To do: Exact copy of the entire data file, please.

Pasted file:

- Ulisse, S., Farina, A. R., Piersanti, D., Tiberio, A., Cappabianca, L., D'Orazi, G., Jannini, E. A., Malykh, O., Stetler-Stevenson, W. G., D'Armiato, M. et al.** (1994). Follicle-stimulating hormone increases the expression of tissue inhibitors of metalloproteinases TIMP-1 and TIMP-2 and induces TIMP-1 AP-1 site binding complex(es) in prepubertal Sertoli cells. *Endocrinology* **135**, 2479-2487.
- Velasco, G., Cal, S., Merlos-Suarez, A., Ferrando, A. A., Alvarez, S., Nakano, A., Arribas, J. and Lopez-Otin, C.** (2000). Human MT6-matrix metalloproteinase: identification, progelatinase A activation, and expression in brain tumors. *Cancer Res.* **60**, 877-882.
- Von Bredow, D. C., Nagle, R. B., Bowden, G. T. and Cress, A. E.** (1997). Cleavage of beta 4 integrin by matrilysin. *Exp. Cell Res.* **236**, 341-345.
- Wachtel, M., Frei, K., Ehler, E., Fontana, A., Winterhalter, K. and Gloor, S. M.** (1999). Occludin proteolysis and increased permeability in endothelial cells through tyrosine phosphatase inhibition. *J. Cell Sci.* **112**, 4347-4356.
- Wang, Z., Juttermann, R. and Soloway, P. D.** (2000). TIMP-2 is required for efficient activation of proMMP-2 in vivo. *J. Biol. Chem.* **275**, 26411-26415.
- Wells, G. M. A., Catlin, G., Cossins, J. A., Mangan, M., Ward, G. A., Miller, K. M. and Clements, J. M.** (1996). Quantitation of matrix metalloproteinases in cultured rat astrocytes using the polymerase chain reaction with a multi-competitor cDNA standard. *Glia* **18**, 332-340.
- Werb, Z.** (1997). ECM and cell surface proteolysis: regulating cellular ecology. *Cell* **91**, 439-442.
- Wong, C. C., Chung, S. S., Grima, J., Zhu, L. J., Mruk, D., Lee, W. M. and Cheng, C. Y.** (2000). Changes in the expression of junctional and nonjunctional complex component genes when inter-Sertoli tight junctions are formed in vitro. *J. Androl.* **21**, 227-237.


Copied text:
- Ulisse, S., Farina, A. R., Piersanti, D., Tiberio, A., Cappabianca, L., D'Orazi, G., Jannini, E. A., Malykh, O., Stetler-Stevenson, W. G., D'Armiato, M. et al.** (1994). Follicle-stimulating hormone increases the expression of tissue inhibitors of metalloproteinases TIMP-1 and TIMP-2 and induces TIMP-1 AP-1 site binding complex(es) in prepubertal Sertoli cells. *Endocrinology* **135**, 2479-2487.
- Velasco, G., Cal, S., Merlos-Suarez, A., Ferrando, A. A., Alvarez, S., Nakano, A., Arribas, J. and Lopez-Otin, C.** (2000). Human MT6-matrix metalloproteinase: identification, progelatinase A activation, and expression in brain tumors. *Cancer Res.* **60**, 877-882.
- Von Bredow, D. C., Nagle, R. B., Bowden, G. T. and Cress, A. E.** (1997). Cleavage of beta 4 integrin by matrilysin. *Exp. Cell Res.* **236**, 341-345.
- Wachtel, M., Frei, K., Ehler, E., Fontana, A., Winterhalter, K. and Gloor, S. M.** (1999). Occludin proteolysis and increased permeability in endothelial cells through tyrosine phosphatase inhibition. *J. Cell Sci.* **112**, 4347-4356.
- Wang, Z., Juttermann, R. and Soloway, P. D.** (2000). TIMP-2 is required for efficient activation of proMMP-2 in vivo. *J. Biol. Chem.* **275**, 26411-26415.
- Wells, G. M. A., Catlin, G., Cossins, J. A., Mangan, M., Ward, G. A., Miller, K. M. and Clements, J. M.** (1996). Quantitation of matrix metalloproteinases in cultured rat astrocytes using the polymerase chain reaction with a multi-competitor cDNA standard. *Glia* **18**, 332-340.
- Werb, Z.** (1997). ECM and cell surface proteolysis: regulating cellular ecology. *Cell* **91**, 439-442.
- Wong, C. C., Chung, S. S., Grima, J., Zhu, L. J., Mruk, D., Lee, W. M. and Cheng, C. Y.** (2000). Changes in the expression of junctional and nonjunctional complex component genes when inter-Sertoli tight junctions are formed in vitro. *J. Androl.* **21**, 227-237.